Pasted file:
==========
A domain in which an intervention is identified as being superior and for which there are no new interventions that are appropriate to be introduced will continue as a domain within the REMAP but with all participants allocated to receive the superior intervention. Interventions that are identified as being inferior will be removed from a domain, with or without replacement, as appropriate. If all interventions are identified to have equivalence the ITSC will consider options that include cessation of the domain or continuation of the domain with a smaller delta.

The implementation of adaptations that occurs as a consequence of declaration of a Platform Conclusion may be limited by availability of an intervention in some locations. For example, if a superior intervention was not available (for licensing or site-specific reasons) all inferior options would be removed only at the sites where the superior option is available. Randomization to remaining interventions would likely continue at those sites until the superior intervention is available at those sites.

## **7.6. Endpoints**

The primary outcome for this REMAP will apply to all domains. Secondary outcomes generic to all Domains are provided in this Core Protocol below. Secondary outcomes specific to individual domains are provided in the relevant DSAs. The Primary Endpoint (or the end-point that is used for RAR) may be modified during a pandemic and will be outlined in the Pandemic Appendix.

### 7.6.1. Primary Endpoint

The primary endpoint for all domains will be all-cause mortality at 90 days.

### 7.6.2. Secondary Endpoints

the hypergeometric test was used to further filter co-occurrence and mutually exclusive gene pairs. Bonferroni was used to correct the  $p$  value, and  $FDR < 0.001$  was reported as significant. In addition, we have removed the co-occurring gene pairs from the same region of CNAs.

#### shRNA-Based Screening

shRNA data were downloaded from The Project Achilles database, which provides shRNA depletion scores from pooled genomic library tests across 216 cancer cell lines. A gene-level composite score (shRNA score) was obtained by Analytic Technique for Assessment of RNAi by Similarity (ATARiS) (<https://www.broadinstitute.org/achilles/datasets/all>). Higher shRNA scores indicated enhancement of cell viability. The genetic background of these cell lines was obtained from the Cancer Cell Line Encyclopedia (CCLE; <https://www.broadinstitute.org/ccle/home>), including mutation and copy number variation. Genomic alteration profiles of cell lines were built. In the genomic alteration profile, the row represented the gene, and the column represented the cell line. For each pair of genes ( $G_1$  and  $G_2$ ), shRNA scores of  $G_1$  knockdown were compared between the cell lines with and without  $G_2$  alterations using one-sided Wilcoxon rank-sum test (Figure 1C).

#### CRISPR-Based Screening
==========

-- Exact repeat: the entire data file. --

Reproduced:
A domain in which an intervention is identified as being superior and for which there are no new interventions that are appropriate to be introduced will continue as a domain within the REMAP but with all participants allocated to receive the superior intervention. Interventions that are identified as being inferior will be removed from a domain, with or without replacement, as appropriate. If all interventions are identified to have equivalence the ITSC will consider options that include cessation of the domain or continuation of the domain with a smaller delta.

The implementation of adaptations that occurs as a consequence of declaration of a Platform Conclusion may be limited by availability of an intervention in some locations. For example, if a superior intervention was not available (for licensing or site-specific reasons) all inferior options would be removed only at the sites where the superior option is available. Randomization to remaining interventions would likely continue at those sites until the superior intervention is available at those sites.

## **7.6. Endpoints**

The primary outcome for this REMAP will apply to all domains. Secondary outcomes generic to all Domains are provided in this Core Protocol below. Secondary outcomes specific to individual domains are provided in the relevant DSAs. The Primary Endpoint (or the end-point that is used for RAR) may be modified during a pandemic and will be outlined in the Pandemic Appendix.

### 7.6.1. Primary Endpoint

The primary endpoint for all domains will be all-cause mortality at 90 days.

### 7.6.2. Secondary Endpoints

the hypergeometric test was used to further filter co-occurrence and mutually exclusive gene pairs. Bonferroni was used to correct the  $p$  value, and  $FDR < 0.001$  was reported as significant. In addition, we have removed the co-occurring gene pairs from the same region of CNAs.

#### shRNA-Based Screening

shRNA data were downloaded from The Project Achilles database, which provides shRNA depletion scores from pooled genomic library tests across 216 cancer cell lines. A gene-level composite score (shRNA score) was obtained by Analytic Technique for Assessment of RNAi by Similarity (ATARiS) (<https://www.broadinstitute.org/achilles/datasets/all>). Higher shRNA scores indicated enhancement of cell viability. The genetic background of these cell lines was obtained from the Cancer Cell Line Encyclopedia (CCLE; <https://www.broadinstitute.org/ccle/home>), including mutation and copy number variation. Genomic alteration profiles of cell lines were built. In the genomic alteration profile, the row represented the gene, and the column represented the cell line. For each pair of genes ( $G_1$  and  $G_2$ ), shRNA scores of  $G_1$  knockdown were compared between the cell lines with and without  $G_2$  alterations using one-sided Wilcoxon rank-sum test (Figure 1C).

#### CRISPR-Based Screening